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Bankruptcy Law Changes: Silver Lining in Dark Cloud

“I was thrown into the job with no training. I asked for some one-on-one time with my manager to go over the project inside out, but he never had the time. I sensed he didn’t really know enough to be able to thoroughly brief me anyway. When I got feedback that certain work wasn’t acceptable, he wouldn’t be specific about how to correct it in the future.”

Those are the words of Anna, spoken six weeks after she resigned her position (and quoted in Leigh Branham’s book, “The 7 Hidden Reasons Employees Leave.”) Anna’s experience is an example of what can happen when a manager or supervisor fails to adequately prepare a new employee for a new job.

So here’s a suggestion: Create an orientation plan for new employees. In this plan, list everything the supervisor and coworkers need to do so the new employee feels knowledgeable about the new job, the workplace, what’s expected, and where to go and who to go to for help. Following is an example of items to include in an orientation plan:

  • Welcome the new employee.

  • Introduce him or her to co-workers.

  • Prepare a map or diagram of the office or work area. Locate on it the workstations of co-workers, with co-workers’ names shown, so it is easy for the new employee to associate names with faces and positions.

  • Review the company history and philosophy.

  • Discuss the firm’s position in the industry.

  • Outline the firm’s organizational structure.

  • Summarize the company’s policies and practices.

  • Describe your code of conduct.

  • Acquaint the employee with products and/or services produced.

  • Tour the work area and facility.

  • Explain how the new employee’s job fits into the organization.

  • Discuss work schedules, work assignments, pay policies, and performance appraisal programs.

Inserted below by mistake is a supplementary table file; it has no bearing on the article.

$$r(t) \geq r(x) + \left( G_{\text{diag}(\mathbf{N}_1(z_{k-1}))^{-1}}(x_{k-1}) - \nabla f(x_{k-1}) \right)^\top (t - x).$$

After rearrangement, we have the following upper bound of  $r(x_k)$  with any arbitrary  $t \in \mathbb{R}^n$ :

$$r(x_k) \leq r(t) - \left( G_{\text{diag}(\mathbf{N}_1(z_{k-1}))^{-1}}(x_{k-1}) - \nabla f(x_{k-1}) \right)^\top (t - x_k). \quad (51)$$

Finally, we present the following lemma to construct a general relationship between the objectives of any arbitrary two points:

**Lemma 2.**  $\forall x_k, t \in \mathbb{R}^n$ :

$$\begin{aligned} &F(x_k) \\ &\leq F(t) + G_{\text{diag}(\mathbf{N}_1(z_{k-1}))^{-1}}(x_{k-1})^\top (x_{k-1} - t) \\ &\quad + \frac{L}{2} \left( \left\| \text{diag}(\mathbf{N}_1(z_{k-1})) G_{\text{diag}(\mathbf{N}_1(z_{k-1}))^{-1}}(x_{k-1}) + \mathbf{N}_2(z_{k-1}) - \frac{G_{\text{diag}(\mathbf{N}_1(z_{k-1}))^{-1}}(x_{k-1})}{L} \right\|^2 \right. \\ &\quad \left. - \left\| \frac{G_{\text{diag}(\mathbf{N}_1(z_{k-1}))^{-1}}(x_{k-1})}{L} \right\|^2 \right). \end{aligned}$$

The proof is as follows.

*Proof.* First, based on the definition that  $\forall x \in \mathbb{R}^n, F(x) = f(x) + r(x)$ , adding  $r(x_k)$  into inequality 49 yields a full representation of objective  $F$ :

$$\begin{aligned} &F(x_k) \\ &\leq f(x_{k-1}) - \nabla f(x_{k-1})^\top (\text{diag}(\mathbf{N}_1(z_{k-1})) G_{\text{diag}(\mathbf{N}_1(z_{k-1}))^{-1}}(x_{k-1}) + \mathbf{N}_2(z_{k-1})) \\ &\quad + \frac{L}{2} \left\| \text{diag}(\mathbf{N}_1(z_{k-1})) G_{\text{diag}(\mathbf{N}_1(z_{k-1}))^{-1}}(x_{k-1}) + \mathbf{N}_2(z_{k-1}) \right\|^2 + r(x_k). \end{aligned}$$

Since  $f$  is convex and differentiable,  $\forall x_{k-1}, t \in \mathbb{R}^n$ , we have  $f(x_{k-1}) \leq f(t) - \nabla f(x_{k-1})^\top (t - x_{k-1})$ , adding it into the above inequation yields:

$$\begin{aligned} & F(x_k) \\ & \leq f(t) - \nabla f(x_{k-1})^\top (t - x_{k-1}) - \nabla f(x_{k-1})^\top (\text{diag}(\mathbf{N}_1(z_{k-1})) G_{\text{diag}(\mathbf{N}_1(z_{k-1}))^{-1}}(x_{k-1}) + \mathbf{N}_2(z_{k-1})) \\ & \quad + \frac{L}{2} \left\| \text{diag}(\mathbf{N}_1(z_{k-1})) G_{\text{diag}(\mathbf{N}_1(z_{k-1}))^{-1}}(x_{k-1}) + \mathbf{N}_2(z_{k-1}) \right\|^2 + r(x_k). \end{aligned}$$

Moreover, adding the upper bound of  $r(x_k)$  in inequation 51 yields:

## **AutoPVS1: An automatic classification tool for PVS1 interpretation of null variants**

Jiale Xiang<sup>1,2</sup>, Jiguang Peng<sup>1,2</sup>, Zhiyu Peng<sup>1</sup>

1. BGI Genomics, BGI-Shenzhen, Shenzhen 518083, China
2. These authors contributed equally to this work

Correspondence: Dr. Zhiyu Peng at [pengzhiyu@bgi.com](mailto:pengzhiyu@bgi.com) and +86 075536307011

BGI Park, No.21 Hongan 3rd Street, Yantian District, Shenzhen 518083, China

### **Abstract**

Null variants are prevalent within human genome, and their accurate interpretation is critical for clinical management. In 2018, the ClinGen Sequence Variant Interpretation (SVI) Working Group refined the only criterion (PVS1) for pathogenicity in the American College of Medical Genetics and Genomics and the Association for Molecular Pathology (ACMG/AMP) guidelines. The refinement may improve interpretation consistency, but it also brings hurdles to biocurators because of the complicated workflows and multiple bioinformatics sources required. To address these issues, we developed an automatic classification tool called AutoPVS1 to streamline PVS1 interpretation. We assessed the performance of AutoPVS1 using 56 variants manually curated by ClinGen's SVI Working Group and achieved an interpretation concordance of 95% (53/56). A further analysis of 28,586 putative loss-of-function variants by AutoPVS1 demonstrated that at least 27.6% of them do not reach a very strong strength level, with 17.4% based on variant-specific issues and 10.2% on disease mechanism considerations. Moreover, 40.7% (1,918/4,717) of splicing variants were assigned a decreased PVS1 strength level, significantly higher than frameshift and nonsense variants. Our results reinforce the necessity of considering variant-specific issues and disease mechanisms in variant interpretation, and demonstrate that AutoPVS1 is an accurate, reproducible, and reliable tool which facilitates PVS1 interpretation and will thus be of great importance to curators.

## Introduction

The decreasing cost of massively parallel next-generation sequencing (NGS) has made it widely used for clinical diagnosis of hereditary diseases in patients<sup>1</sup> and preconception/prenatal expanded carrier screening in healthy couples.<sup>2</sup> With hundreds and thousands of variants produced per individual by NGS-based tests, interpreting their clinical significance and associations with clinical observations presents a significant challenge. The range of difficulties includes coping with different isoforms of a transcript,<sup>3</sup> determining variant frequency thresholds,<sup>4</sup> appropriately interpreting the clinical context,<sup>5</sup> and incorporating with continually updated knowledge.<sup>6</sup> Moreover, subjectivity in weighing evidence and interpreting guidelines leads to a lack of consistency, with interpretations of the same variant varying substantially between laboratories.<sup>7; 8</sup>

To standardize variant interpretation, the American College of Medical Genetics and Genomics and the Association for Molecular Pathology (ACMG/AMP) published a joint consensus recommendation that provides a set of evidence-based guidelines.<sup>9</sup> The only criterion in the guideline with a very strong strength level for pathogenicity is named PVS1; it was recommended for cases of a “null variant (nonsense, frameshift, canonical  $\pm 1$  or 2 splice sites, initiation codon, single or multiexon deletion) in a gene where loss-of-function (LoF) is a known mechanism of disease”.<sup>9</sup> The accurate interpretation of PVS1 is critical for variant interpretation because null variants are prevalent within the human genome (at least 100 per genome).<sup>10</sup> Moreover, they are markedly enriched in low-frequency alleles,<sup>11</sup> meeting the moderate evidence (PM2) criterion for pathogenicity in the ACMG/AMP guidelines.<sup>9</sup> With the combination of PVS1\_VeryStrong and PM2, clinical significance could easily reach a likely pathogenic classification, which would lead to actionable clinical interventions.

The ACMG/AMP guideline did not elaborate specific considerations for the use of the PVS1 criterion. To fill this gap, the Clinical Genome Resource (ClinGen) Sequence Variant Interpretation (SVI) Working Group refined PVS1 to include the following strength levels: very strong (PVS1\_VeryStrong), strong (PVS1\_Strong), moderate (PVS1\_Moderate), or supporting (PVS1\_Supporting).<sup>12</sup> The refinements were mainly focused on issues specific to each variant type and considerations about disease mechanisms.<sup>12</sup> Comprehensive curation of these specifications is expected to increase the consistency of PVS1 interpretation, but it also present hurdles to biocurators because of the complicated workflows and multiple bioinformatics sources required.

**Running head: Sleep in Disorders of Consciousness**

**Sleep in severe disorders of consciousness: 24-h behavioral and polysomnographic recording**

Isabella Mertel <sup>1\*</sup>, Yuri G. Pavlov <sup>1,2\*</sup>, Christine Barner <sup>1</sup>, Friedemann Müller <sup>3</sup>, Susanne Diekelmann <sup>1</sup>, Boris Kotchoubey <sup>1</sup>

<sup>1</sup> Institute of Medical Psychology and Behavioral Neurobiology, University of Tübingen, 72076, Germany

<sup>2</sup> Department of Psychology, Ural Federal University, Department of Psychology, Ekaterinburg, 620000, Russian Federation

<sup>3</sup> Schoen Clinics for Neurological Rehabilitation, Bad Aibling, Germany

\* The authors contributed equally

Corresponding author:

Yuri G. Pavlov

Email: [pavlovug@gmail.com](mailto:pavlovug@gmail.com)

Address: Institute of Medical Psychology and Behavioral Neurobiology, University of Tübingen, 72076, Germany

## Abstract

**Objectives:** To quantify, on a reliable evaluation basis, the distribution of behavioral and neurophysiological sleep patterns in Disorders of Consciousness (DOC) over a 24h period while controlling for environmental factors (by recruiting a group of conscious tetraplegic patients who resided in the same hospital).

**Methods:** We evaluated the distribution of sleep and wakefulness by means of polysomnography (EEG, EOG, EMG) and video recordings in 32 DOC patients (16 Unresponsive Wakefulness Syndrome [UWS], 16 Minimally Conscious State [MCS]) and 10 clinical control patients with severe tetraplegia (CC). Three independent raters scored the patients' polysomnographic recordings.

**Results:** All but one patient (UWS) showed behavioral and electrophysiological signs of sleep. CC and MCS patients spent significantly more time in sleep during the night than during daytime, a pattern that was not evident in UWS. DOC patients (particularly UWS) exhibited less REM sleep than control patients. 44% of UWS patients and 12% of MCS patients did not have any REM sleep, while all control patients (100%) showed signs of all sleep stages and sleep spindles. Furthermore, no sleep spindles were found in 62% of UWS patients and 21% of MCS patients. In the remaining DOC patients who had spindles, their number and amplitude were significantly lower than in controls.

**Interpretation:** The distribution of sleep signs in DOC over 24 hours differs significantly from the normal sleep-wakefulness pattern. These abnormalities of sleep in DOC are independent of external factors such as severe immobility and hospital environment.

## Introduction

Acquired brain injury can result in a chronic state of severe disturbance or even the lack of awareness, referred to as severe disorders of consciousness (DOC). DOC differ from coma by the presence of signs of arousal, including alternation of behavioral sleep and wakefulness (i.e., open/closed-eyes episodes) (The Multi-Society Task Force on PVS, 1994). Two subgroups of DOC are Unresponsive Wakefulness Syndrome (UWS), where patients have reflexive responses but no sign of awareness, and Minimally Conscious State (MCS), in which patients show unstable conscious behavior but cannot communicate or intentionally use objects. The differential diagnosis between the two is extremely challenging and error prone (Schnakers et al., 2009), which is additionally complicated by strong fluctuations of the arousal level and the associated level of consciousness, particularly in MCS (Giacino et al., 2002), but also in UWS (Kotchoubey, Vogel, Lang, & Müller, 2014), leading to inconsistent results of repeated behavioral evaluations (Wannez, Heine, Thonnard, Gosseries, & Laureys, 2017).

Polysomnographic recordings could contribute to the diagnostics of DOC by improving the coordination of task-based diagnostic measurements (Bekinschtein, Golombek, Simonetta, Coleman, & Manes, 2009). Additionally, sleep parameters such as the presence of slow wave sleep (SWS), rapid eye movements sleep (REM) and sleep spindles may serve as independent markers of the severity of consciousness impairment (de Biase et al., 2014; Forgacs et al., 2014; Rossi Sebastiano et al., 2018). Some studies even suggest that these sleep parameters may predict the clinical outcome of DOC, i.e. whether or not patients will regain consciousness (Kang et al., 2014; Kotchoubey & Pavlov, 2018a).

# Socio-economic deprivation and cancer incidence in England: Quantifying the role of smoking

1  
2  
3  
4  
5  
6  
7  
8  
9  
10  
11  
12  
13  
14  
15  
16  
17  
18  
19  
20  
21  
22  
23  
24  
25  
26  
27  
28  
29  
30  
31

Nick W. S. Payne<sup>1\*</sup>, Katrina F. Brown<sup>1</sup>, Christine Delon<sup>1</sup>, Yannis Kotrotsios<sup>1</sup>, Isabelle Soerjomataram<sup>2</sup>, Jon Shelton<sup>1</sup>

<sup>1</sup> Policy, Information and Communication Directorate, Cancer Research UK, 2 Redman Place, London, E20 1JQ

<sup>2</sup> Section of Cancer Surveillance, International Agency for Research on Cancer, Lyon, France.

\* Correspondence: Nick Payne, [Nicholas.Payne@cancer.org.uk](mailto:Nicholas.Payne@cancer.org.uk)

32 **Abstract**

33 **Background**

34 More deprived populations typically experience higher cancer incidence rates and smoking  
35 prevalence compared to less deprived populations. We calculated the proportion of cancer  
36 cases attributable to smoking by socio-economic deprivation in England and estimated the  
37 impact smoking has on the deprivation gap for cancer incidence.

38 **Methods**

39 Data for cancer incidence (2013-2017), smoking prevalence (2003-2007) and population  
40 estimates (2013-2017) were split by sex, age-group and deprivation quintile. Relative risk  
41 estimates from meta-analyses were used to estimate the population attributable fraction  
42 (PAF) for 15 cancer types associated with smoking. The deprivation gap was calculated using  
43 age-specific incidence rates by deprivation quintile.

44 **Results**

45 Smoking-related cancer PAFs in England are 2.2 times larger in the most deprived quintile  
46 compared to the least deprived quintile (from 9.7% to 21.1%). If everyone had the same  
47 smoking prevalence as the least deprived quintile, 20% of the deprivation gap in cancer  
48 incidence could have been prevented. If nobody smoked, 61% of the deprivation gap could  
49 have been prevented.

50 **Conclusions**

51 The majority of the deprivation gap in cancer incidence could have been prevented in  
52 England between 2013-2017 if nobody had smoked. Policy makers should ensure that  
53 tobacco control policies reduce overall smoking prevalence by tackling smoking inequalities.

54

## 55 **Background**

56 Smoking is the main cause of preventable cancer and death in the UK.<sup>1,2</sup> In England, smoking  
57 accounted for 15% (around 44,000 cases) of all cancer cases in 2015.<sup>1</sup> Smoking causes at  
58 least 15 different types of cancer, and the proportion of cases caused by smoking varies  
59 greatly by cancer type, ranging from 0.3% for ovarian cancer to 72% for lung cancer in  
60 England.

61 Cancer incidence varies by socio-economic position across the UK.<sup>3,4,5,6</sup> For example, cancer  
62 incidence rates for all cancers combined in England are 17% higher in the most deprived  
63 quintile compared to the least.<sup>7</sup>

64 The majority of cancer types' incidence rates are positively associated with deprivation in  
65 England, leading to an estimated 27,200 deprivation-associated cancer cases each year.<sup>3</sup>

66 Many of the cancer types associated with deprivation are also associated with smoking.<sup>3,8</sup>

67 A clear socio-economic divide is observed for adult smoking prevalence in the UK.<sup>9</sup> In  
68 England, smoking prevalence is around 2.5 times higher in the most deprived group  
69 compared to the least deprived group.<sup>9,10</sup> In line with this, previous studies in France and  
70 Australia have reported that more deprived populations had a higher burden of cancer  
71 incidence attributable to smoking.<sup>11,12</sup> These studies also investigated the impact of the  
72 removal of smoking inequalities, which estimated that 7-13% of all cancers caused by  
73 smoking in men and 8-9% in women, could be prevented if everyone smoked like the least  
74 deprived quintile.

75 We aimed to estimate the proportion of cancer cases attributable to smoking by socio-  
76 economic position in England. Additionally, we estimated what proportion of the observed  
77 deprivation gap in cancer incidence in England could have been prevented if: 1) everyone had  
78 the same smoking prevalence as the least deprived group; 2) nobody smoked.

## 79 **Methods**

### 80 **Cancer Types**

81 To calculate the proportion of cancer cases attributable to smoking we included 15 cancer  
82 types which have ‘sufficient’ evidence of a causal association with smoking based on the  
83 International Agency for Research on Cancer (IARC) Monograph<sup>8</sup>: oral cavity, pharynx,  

• Notify the employee of the firm’s benefits.

  • Explain any training program and future training and development opportunities.

  • Outline the firm’s safety program.

  • Assign a co-worker to coach the new employee in the job duties and to give the new employee support and encouragement.

  • Show the new employee the firm’s labor laws posters (these are the posters various labor laws require employers to post).

  • Especially, call the new employee’s attention to the information explaining the prohibition against illegal harassment and discrimination. And include a brief instruction about an employee’s responsibility to report incidents of real or suspected harassment or discrimination.

Much of this information will be included in an employee handbook. But don’t let the handbook take the place of face-to-face conversation.

Poor orientation programs won’t do. New employees need more than “Glad to have you aboard!” and directions to their work space. Take time from your schedule to orient them. Then you develop committed, responsible employees who value you as an employer.

Also, it’s a good idea to allow several days for completing an orientation program. Then it’s easier for just-hired employees to handle the wealth of new information.